Bab-O Factory DetailIn this detail, you can see the three buildings close-up. Broadway is in the immediate foreground, separated from the river by scrub lots. To the south (left) of the factory complex, some long quonset huts. Directly behind it, the railroad tracks. On the left just beyond the tracks, you can see the H.S. Stuart coal yard, looking to already be abandoned. The street coming right down the center of the photo, going under Babbitt’s impressive factory skybridge, is Fourth Avenue. The next to the right is Plum Street, then Bassett Street. It’s all a familiar-looking mix of industry and old houses and places where things used to be, even in 1952.

Bab-O Factory Google Earth 2015Through the miracle of Google Earth, fast-forward 63 years or so, and about the only things that are still there are the Babbitt buildings and the railroad tracks. And some of the scrub along the river’s edge. The northernmost building appears to be a bus garage, with more buses parked across Broadway. The center building was recently converted into a self-storage facility. The quonset huts appear to have been replaced by other buildings of the temporarily permanent variety. Some of the railroad tracks remain, but beyond them, the overhead portion of I-787 soars over what used to be neighborhood, and to the west of that, dozens of houses were taken to be replaced by high-rise low-income housing projects. Here and there, an isolated building survived, more of them as you get closer to South Pearl Street, but the rest of it was just leveled, and replaced with something considerably less.

In the detailed view, some familiar buildings can be seen:

Schuyler Mansion, still standing today.

Schuyler Mansion, still standing today.

Howe Library, also still standing.

Howe Library, also still standing.

St. Joseph's and St. Ann's Church, still at Franklin and Fourth.

St. Joseph’s and St. Ann’s Church, still at Franklin and Fourth.

School No. 1, which still stands without its distinctive crennellation.

School No. 1, which still stands without its distinctive crennellation.

Railroads on both sides of the river

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NY Central Rail Depot Albany 1876

Location of the New York Central Rail Depot in Albany in 1876

Amtrak knows you have choices in rail travel and appreciates … oh, wait, no you don’t. If you want to travel by rail in this country in 2015, other than commuter rail, you’ve got precisely one option. In 1863 Albany, things were very different.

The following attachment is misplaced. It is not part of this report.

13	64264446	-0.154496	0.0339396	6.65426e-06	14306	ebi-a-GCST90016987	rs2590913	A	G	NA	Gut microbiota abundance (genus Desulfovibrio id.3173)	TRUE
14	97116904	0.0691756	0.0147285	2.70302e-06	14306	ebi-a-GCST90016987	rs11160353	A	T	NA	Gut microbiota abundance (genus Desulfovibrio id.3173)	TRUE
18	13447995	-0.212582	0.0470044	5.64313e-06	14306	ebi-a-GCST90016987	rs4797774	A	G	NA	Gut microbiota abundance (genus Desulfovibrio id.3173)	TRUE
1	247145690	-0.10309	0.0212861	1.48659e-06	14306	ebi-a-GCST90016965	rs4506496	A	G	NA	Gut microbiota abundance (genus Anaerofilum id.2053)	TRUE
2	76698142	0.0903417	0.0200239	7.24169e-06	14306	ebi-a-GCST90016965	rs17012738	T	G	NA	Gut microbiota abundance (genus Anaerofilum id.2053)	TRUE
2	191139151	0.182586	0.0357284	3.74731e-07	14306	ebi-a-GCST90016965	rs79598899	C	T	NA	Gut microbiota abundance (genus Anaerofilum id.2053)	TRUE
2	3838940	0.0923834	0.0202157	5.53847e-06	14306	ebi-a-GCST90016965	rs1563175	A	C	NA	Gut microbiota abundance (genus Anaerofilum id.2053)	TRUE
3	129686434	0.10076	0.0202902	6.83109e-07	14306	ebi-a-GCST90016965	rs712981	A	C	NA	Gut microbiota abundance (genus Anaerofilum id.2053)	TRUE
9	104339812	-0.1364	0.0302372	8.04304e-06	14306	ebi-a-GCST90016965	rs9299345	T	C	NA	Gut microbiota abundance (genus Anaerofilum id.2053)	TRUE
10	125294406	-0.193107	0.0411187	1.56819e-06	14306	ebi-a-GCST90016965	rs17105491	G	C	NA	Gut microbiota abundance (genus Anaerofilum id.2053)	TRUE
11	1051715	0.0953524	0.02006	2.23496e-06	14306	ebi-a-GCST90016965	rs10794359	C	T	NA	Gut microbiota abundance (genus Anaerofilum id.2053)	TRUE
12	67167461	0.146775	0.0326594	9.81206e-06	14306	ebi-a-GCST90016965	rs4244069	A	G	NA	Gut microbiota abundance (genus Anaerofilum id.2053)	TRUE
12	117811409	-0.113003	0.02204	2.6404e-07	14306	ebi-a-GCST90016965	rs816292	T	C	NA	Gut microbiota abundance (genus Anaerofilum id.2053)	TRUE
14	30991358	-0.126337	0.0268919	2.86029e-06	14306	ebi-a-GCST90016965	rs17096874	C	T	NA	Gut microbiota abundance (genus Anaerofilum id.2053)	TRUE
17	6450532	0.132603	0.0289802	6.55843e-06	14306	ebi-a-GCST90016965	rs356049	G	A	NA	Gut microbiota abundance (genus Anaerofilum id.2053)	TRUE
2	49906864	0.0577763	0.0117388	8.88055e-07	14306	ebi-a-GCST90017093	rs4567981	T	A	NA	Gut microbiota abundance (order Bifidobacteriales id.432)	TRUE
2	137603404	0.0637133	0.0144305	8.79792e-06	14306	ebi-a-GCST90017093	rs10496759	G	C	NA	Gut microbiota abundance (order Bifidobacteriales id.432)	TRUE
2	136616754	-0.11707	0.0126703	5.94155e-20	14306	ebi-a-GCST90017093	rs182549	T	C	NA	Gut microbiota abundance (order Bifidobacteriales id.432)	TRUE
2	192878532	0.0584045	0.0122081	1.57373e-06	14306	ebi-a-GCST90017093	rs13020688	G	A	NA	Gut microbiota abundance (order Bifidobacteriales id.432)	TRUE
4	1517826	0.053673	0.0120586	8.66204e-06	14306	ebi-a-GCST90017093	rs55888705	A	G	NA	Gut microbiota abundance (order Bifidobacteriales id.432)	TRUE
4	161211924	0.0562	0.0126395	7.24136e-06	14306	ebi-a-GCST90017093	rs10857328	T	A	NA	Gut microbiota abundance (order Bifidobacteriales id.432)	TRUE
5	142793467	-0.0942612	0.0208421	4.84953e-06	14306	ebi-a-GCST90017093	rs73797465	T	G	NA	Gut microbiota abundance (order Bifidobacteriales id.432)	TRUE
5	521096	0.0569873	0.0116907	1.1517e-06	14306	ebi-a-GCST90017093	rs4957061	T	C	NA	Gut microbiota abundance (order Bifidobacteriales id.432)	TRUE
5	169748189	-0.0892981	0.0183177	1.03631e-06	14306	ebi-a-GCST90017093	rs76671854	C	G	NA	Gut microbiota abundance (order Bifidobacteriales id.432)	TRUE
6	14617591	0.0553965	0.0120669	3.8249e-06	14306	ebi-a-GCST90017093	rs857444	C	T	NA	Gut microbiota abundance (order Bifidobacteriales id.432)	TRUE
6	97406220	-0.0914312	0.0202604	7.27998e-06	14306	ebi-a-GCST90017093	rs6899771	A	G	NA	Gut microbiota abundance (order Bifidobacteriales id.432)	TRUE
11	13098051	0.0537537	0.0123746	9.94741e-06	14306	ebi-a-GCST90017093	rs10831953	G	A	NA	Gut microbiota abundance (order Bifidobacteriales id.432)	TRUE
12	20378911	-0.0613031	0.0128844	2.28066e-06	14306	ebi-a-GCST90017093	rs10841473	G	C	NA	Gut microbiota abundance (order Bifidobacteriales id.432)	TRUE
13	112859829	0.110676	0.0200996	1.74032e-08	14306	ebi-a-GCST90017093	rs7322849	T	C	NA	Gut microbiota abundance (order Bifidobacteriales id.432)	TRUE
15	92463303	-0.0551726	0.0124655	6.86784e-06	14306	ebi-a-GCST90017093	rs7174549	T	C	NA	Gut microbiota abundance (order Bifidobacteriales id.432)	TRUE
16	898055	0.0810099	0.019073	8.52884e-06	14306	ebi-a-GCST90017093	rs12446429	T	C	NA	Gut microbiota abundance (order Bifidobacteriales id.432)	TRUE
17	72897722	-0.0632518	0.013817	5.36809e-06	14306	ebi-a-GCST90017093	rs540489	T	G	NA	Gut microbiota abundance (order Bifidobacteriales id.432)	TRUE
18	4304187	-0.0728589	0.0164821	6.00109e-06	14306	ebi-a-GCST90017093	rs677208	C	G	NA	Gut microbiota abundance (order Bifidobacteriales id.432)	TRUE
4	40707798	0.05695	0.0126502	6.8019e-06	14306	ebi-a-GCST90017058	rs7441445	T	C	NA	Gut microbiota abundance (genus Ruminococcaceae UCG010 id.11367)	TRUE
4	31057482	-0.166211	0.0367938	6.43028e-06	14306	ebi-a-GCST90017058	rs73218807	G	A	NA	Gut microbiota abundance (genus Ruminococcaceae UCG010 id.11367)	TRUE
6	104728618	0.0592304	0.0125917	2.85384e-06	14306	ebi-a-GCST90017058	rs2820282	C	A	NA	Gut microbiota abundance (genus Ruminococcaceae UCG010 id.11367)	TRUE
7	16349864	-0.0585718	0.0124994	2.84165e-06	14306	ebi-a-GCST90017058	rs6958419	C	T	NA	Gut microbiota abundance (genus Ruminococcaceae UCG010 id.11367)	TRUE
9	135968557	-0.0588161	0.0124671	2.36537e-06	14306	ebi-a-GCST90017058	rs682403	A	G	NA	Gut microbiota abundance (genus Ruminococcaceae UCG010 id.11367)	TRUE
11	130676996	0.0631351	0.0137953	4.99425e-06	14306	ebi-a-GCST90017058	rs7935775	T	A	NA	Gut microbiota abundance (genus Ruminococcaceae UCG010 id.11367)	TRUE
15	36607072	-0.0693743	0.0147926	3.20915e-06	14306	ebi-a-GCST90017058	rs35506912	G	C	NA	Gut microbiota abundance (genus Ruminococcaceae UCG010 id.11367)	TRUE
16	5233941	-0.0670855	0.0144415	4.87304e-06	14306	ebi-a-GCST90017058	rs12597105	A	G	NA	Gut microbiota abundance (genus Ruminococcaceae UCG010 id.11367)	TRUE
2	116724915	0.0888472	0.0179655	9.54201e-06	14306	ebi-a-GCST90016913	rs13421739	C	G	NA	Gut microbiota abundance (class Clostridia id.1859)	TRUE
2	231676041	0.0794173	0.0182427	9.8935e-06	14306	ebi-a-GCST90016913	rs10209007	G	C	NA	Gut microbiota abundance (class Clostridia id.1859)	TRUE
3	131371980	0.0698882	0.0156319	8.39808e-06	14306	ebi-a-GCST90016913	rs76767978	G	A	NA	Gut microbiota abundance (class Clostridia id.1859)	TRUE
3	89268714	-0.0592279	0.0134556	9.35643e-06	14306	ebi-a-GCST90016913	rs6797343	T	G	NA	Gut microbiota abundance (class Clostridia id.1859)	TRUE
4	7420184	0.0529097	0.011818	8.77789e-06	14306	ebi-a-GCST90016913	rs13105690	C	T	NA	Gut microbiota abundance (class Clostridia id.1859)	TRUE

Remember that the Livingston Avenue Bridge, the first bridge across the Hudson at Albany, didn’t open until 1866. Before that, travelers had to get to one side of the river or the other, by ferry, to get to the railroad of their choice. (Alternatively, they could ride up to Troy and cross the river there.) But choices there were. Some of these specialized in freight, of course.

One thing worth noting, though – in certain circles there is frequent carping that the train station should never have left Albany and been moved to Rensselaer. The reality is that trains were leaving from Rensselaer, in far greater numbers than they left from Albany, long before the fondly remembered Union Station was even built.

On the Albany side, the rail options were:
Albany and Susquehanna Railroad Nearly complete in 1863, it ran from Albany to Binghamton. The office was at 73 State Street. Ezra Prentice was the President; today his name is mostly remembered with a Albany Housing Authority complex on the south end, but he held a number of political posts in the 19th century, including President of the New York State Agricultural Society. Would you like to read some poems written about the Albany and Susquehanna? Of course you would. It was absorbed into the Delaware and Hudson in 1945.

Albany and Vermont Railroad The Albany and Vermont was a successor to the Albany, Vermont, and Canada, which was a successor to The Albany Northern Railroad Company. Its board included Erastus Corning and Lansing Pruyn. It ran from Albany through Cohoes to Waterford and then to Eagle Bridge in Washington County. It’s not clear that it ever actually reached the Green Mountain State; an 1880 article on its sale to interests in Troy noted that it ended at Eagle Bridge. It was leased and actually operated by the Rensselaer and Saratoga Railroad company, and trains left from the New York Central depot which, as noted on the map, was on Montgomery Street, east of Broadway, just north of Maiden Lane. (Montgomery Street still exists, but only as alleys/sidewalks behind the buildings facing Broadway.)  Its president was Thomas W. Lockwood.